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The Sisterhood

The Sisterhood

4.5 4
by Helen Bryan

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Reeling from a broken engagement, adopted nineteen-year-old Menina Walker flees to Spain to bury her misery by writing her overdue college thesis—and soon finds herself on an unexpected journey into the past. The subject of her study is Tristan Mendoza, an obscure sixteenth-century artist whose signature includes a tiny swallow—the same swallow depicted

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The Sisterhood 4.2 out of 5 based on 0 ratings. 5 reviews.
ZQuilts More than 1 year ago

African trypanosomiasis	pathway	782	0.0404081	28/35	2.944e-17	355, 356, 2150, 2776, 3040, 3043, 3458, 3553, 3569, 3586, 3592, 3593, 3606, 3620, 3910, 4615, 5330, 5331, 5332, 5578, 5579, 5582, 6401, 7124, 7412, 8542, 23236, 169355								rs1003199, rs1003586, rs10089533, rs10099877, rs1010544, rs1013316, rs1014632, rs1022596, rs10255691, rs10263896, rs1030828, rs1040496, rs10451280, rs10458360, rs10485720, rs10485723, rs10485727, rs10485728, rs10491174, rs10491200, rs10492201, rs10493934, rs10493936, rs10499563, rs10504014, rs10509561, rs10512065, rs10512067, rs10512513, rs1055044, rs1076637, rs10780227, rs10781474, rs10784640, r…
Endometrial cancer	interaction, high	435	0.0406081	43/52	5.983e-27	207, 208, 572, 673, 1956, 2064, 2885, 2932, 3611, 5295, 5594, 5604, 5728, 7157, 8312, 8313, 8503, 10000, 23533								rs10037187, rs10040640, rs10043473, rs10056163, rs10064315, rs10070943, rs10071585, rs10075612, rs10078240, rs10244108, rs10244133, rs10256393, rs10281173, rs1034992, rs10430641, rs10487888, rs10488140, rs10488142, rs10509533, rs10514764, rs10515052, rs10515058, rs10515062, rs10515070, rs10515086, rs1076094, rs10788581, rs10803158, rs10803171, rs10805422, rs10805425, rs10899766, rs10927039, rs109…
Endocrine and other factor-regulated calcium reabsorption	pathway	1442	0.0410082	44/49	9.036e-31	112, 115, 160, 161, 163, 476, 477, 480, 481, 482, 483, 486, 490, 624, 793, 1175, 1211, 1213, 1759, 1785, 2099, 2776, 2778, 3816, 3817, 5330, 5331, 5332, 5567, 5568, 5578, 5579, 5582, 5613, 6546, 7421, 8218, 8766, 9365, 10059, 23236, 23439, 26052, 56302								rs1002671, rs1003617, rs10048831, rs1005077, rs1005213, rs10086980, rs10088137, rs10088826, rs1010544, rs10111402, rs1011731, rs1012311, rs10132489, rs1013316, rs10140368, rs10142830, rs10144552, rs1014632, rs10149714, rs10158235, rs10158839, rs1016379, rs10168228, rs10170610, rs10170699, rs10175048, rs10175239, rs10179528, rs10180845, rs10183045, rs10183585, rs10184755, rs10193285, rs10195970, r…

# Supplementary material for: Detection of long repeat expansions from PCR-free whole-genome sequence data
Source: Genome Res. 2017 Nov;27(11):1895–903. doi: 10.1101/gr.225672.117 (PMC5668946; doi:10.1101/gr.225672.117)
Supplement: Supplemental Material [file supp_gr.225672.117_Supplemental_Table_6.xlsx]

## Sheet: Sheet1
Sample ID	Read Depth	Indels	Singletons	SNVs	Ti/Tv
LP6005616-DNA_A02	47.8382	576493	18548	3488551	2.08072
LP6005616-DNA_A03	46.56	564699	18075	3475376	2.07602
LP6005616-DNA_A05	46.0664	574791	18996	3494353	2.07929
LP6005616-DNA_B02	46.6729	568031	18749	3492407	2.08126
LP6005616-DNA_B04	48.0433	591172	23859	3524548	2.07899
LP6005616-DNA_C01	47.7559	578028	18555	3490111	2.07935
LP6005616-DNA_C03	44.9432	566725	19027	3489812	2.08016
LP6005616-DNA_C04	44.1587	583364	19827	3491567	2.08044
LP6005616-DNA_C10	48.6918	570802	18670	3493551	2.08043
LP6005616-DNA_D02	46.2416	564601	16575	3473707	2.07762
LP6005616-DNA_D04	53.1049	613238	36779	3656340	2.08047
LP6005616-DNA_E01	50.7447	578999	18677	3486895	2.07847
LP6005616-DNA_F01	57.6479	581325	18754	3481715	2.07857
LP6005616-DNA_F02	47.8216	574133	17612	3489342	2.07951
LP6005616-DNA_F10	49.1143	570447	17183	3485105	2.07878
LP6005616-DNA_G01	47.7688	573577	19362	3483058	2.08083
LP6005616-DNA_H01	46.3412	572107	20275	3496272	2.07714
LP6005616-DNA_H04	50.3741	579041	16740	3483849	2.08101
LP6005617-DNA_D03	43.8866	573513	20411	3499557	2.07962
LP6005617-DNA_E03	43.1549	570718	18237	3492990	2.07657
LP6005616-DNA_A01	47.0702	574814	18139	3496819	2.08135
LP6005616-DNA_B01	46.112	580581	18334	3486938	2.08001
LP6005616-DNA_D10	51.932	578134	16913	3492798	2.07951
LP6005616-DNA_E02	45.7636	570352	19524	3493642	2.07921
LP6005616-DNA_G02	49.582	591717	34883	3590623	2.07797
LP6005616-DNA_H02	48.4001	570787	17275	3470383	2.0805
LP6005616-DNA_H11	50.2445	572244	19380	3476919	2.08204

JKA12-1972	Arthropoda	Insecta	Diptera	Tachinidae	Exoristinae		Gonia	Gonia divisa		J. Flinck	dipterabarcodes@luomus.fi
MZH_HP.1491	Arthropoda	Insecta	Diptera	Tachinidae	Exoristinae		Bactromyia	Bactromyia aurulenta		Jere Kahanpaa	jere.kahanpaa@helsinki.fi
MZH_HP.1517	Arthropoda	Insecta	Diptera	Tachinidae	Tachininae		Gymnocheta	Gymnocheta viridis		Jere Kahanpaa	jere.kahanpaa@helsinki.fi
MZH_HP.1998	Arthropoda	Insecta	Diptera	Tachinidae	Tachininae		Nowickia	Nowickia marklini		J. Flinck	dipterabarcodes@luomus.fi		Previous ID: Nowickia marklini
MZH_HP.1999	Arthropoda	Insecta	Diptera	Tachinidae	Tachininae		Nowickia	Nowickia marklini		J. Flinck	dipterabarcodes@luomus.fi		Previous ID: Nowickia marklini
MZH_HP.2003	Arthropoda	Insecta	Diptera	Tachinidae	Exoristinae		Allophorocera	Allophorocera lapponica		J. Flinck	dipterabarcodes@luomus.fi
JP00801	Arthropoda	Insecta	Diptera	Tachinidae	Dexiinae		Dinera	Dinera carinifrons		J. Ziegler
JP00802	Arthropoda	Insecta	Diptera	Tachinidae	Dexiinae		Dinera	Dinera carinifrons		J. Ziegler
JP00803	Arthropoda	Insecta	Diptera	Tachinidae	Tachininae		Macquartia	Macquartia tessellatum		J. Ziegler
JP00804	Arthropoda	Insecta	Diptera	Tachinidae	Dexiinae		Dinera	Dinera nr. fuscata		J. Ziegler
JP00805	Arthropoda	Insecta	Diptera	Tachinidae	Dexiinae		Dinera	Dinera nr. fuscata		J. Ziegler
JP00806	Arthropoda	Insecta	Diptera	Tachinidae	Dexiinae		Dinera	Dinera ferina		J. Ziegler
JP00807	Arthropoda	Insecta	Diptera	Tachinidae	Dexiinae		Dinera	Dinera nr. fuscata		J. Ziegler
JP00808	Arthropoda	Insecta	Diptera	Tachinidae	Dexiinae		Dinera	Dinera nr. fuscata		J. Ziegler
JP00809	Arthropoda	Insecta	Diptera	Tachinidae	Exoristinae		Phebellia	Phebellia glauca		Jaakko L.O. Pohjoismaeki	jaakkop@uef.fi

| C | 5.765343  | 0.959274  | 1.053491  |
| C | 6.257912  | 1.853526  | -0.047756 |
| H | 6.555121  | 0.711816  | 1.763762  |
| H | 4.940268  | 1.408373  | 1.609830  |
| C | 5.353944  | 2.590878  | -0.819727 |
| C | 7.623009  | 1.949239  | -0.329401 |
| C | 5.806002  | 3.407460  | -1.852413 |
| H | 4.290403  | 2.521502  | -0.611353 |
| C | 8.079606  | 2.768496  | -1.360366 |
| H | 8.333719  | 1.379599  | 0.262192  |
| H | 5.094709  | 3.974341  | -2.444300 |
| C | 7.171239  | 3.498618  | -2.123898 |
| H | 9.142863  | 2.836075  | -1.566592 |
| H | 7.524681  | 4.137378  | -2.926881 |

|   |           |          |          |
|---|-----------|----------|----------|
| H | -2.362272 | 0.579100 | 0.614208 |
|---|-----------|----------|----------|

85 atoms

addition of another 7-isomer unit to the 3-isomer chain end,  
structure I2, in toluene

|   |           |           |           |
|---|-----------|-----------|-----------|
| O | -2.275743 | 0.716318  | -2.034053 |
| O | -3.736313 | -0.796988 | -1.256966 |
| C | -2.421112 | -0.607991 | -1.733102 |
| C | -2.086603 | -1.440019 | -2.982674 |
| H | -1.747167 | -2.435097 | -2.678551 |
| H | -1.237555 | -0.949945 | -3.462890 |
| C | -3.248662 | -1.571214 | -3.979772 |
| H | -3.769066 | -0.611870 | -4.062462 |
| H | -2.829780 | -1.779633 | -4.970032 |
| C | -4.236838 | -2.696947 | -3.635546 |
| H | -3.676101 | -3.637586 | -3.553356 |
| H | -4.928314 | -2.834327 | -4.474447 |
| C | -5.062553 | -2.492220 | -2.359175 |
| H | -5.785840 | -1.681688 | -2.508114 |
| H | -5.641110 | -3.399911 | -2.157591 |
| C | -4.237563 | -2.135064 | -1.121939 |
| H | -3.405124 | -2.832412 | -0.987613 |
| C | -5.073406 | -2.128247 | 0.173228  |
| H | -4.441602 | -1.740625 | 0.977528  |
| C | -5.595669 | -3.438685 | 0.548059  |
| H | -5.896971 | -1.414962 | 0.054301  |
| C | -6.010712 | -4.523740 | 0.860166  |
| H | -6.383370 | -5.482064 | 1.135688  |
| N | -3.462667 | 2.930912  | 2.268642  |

This book is one of those thoroughly unexpected treats that should not be ignored! It was suggested, and provided to me, by the publicist who thought it might be a book that I would enjoy. I have to admit to being skeptical. How could someone that I don't know at all possibly know what I might like or not? What a shock! She nailed me and my interests perfectly, and I am so happy that she did! This is a book that deserves a lot more attention that it has, perhaps, received. The author, Helen Bryan, is a barrister, and she is the author of another best selling book, "The War Brides". Perhaps it is her background in the law that facilitates her ability to blend time and space flawlessly and logically. The prose is so well done, and the flow of the book is perfectly paced. It's engrossing! It's a book that will stay with you. Once I finally opened it I could scarcely put it down. I looked forward to getting up in the morning to read a bit more, and then more at night. Yes, it really is that good. I suppose one of the things that I really like about this book is that the story straddles two different times in history; the modern day and 16th century Spain during the throes of the Inquisition. Sometimes when authors write books like this, that span different time periods, there seems to be a slight catch or hitch as the book flows from from time period to time period. There is none of that little hesitance in this book, however. The chapters, and time periods, flow seamlessly from one to another and back again, and it all makes perfect sense as you read it too. The story begins with the modern day and South American orphan girl who is adopted from a South American Convent. The only memories of her birth family are a curious medal and an ancient chronical (written in both Latin and vernacular Spanish). These artifacts are given to the American Southern Baptist adoptive parent with the understanding that, upon her sixteenth birthday, the girl, Menina, would be presented with these mementos of her beginnings in life. From the present you are sped to Spain in the 16th century. To a convent and to the lives of five orphans who were secreted to the sanctuary of a convent where all women and orphans were accepted regardless of past sins or religious upbringing. The names of these hapless orphan girls are Esperanza, who is 16 years old and whose parents are Muslims. Luz, a dwarf, who is also an heiress, but is not able to speak. Marisol, 14, incorrectly believed to be the misbegotten daughter of a Courtesan and the mad royal prince. Pia, a child of Scandinavian descent whose hair glows like the moon and whose beauty is difficult to ignore, but her mother is a courtesan. Last there is Sanchia, the daughter of Jews who barely escapes the burning that claimed the lives of her parents. Eventually, as the Inquisition spreads, these children are sent on a journey to the new world in South America. They are sent away in order to protect them because the Inquisitor's are expected at the convent gates at any time, and the sisters do not want their various histories to be discovered lest the be taken by the Inquisitor's and tortured. They are sent with both the chronicle and the medal in the hopes that they will found a new convent dedicated to the healing arts and acceptance of all women no matter their religious beliefs or color. It is also hoped that they may find men to marry and will be able to carry on the mission of the convent. Swallows, which are so plentiful in Spain, are the symbol that is used to mark both the old convent and the new; they also mark the cover of the chronicle and the medal. The journey takes so many unexpected turns. No one at the main convent knows what became of the orphans nor do the orphans know what happened when the Inquisition came knocking. Back in the present time, after braking off her engagement to a local political maven's son, Menina , decides to travels to Spain; both to heal her broken heart as well as to do research for a thesis on the artist Tristan Mendoza. Menina now suspects that her ex-finacee wanted to marry her only for the Hispanic voters that she might bring to the political relationship. She wants to escape also from the forced, premarital rape that left her bereft of her future and split her exceedingly 'safe' life apart at the seams. After an unexpected, severe, storm leaves Menina stranded in a mountainous village just after her arrival in Spain, does her life begin to find renewed meaning, albeit not willingly at first. Due to the storm's effects the phones in the village are not functioning and preclude her trying to contact her parents or the tour director who she was supposed to meet up with in Madrid. The local police officer at first thinks that Menina is a prostitute that has come to the town to join in a yearly celebration. Menina is taken to the mountainous convent where she will find safety and a place to stay until needed repairs are made to the telephone system and allow Menina to leave the village. At this point the story, along with Menina, blossom with kismet, and the telling of the tale is beautifully done! The separation between past and present becomes a thin veil as Menina uncovers some long lost paintings by the artist, Tristan Mendoza, who she is studying and whose only known works were thought to be found in the Prado Museum in Madrid. This is how these two diverse stories begin, but the telling is what is entrancing and is what will hold your attention from the first page to the last. I was sorry to have this book end, and I don't too often feel that way no matter how good a book may be. Some of the publication that was sent to me with the book was particularly interesting and contained some comments by the author about her work. One of the questions concerned what lasting impression she hoped that the book would leave readers with. Part of her reply included ".. the book is set in two periods of tension, hostility and mistrust between Jews, Christians and Muslims, four hundred years apart but with many parallels..." This is a really relevant comment, but you will simply have to read this gem of a book for yourself to understand what the parallels are! Read this book! I cannot help but think that you will not regret it. The book should have wide appeal for historical history fans as well as for readers of wonderfully written general fiction.